The S&P 500 is off to a disappointing start in 2015 — down 2.5% after just one month into the campaign — and it’s not all that hard to see why: Corporate profit growth has come to a standstill.
That’s in the aggregate, course. Apple Inc. (NASDAQ:AAPL) certainly had no trouble racking up record receipts over the holiday shopping season, and there are plenty of other companies enjoying robust and rising profits. But taken as a whole, S&P 500 earnings are going nowhere fast, hurt by plunging profits in an energy sector reeling from the collapse in oil prices, as well as a soaring greenback.
That’s led to a fast and steep plunge in earnings expectations for the S&P 500. A week ago, Wall Street analysts’ forecast for fourth-quarter earnings was growth of 3.5%, according to data from Thomson Reuters. Today, that same forecast stands at zero.
Nothing — not even the dollar — is hurting S&P 500 earnings growth like the energy sector. Indeed, the energy sector’s earnings are forecast to fall 56.8% in the fourth quarter. Strip out the results from all those companies getting hammered by tumbling prices for oil and gas, and the S&P 500 earnings would actually grow 7.9% in the fourth-quarter.
That’s not far from what we’ve become accustomed to over the last few reporting periods, and points to what a drag the energy sector has become. No, with a weighting of just 9% in the S&P 500, the energy sector can’t crush stocks the way, say, the tech sector can. But it is a meaningful enough position to act like a drift anchor or a brake.
S&P 500 Looking Pricier
It’s also worrisome that companies outside of the energy sector are issuing more profit warnings than they’re raising their outlooks. That has analysts taking down their forward estimates, and that’s making the market look significantly more expensive.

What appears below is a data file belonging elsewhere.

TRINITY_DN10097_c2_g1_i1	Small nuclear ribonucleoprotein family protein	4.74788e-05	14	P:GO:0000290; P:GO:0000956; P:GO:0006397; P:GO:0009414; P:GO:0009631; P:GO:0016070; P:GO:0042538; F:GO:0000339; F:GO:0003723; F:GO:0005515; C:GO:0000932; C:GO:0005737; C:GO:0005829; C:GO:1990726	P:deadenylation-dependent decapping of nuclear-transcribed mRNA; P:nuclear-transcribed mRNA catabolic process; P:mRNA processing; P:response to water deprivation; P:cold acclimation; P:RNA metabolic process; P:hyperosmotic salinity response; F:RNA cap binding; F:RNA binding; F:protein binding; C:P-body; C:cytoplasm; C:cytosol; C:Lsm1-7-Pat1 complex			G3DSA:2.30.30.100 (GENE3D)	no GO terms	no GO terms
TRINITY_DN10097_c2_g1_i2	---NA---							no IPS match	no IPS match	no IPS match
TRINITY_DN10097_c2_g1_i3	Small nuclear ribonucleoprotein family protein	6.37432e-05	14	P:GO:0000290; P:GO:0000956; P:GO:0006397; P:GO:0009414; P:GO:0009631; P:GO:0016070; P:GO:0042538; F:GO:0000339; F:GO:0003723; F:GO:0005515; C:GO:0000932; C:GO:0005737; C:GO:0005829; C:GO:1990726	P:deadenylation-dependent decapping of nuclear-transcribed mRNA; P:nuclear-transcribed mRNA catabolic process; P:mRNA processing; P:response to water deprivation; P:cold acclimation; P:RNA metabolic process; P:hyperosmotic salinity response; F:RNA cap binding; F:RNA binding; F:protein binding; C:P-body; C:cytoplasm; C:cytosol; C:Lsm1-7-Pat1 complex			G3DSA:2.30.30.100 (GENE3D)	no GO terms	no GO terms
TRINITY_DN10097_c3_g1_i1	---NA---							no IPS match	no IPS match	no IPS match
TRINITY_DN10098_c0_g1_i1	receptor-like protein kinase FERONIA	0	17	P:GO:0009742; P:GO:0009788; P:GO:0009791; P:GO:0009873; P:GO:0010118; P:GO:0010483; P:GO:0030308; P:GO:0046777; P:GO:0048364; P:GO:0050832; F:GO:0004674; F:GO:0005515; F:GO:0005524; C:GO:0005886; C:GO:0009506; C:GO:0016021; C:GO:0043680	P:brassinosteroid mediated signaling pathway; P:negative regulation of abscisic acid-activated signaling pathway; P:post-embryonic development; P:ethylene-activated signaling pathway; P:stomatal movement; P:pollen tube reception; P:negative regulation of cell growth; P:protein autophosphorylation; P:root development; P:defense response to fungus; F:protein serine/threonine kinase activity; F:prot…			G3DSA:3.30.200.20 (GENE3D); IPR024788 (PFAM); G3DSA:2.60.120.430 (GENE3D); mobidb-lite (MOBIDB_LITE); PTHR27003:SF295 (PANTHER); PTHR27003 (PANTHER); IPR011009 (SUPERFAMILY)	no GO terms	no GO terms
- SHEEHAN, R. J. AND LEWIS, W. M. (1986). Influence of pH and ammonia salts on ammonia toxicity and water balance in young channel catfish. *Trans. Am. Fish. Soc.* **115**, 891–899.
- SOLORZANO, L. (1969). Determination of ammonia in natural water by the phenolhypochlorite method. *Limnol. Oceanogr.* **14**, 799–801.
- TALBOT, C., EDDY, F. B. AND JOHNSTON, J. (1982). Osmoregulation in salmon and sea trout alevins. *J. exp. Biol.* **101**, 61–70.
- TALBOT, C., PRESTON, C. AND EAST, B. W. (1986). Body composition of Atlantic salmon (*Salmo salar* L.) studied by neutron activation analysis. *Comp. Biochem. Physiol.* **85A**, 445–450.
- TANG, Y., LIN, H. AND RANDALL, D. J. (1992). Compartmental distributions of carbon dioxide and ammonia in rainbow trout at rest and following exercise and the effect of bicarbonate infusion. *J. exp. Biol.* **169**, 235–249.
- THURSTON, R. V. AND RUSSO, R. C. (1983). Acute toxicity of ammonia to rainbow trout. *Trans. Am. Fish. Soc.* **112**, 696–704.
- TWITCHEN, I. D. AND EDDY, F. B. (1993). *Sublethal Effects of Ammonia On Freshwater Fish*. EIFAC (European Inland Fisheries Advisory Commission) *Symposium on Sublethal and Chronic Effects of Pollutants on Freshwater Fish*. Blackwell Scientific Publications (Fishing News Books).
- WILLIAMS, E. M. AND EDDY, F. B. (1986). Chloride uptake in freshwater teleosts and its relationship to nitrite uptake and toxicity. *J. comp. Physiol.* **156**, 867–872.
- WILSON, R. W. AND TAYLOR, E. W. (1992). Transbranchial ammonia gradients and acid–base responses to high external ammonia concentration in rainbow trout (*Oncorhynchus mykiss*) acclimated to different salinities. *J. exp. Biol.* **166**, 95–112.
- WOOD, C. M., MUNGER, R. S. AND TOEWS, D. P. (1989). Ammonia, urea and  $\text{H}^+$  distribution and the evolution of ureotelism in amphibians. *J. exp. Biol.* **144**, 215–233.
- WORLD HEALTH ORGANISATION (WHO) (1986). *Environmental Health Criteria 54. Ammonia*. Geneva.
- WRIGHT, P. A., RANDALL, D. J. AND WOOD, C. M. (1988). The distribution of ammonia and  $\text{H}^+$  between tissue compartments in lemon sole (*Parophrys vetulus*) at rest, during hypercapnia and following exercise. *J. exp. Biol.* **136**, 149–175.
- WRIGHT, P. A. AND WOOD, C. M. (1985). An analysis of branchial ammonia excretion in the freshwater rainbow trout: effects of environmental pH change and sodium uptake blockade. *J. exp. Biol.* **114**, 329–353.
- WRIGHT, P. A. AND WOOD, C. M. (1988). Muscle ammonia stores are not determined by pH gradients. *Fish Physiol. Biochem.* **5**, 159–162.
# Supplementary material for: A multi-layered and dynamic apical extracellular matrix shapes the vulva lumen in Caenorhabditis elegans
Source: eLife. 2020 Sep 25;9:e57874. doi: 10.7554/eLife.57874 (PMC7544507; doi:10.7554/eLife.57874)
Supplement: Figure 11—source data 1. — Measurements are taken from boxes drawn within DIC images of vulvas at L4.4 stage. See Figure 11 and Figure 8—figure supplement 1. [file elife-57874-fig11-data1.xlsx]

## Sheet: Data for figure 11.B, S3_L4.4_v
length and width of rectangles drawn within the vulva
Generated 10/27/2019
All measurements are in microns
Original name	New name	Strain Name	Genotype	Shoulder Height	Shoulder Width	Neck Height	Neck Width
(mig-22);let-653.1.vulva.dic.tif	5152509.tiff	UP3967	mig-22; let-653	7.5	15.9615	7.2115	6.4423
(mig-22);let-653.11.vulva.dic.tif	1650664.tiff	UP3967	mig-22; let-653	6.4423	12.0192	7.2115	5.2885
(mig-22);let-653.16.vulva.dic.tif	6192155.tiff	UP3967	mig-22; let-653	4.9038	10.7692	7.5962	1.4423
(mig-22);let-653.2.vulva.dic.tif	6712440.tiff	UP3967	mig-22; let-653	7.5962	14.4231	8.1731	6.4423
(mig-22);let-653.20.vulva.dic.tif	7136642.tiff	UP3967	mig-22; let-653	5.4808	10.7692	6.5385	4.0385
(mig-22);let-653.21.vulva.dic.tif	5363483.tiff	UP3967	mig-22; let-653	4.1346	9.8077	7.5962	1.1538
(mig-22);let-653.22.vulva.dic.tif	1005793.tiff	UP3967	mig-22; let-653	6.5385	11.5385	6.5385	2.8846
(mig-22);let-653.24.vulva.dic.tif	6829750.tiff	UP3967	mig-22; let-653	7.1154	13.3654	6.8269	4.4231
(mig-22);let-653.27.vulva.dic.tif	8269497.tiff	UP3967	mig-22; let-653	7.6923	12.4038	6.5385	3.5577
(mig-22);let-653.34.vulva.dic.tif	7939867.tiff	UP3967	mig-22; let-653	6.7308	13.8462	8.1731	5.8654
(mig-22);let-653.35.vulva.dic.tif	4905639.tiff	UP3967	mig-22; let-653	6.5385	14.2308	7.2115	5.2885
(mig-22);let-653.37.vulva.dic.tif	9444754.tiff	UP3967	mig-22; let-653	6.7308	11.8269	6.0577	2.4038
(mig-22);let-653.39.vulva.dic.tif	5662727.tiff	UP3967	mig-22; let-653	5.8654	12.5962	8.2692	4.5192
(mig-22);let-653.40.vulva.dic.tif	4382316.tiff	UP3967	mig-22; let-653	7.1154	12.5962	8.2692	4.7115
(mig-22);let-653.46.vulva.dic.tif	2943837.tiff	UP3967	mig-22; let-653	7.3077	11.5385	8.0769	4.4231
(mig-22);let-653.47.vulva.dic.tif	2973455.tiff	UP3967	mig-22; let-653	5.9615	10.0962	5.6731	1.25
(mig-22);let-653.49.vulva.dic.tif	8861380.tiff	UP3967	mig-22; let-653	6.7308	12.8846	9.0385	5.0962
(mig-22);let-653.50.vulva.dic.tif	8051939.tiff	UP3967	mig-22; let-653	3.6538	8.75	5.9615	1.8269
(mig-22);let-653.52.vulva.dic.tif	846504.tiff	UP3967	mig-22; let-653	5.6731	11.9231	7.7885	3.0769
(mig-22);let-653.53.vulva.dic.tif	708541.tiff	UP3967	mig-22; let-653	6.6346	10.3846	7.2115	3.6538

The 12-month forward price-to-earnings ratio on the S&P 500 now stands at 16.9, according to data from FactSet Research. The forward P/E on the index hasn’t been this high since 2005, and offers significant premiums to its long-term averages — 13.6 for the five-year period, 14.1 for 10 years and 16.1 for the last 15 years.
Of course prices are down so far this year, so it’s not that the “P” in P/E is driving this multiple expansion. It’s that the “E” in the equation is shrinking.
None of this means that stocks are in a bubble or due for a crash. For one thing, the current forward P/E on the S&P 500 remains far below levels we’ve seen before past crashes.
But it does suggest that gains are going to be harder to come by.
The bottom line is that whatever benefit tumbling energy prices have for corporate profits has been no match for the damage done to the energy sector. At the same time, the rising dollar is hurting multinationals, which account for a large chunk of the S&P 500’s revenue.
This bull market is coming up on its sixth anniversary, which is a long time for any bull to run. Wage growth and an accelerating U.S. economy could give the market a second wind, but for now, lower oil prices and a higher dollar could make for one serious slog for stocks.
As of this writing, Dan Burrows did not hold a position in any of the aforementioned securities.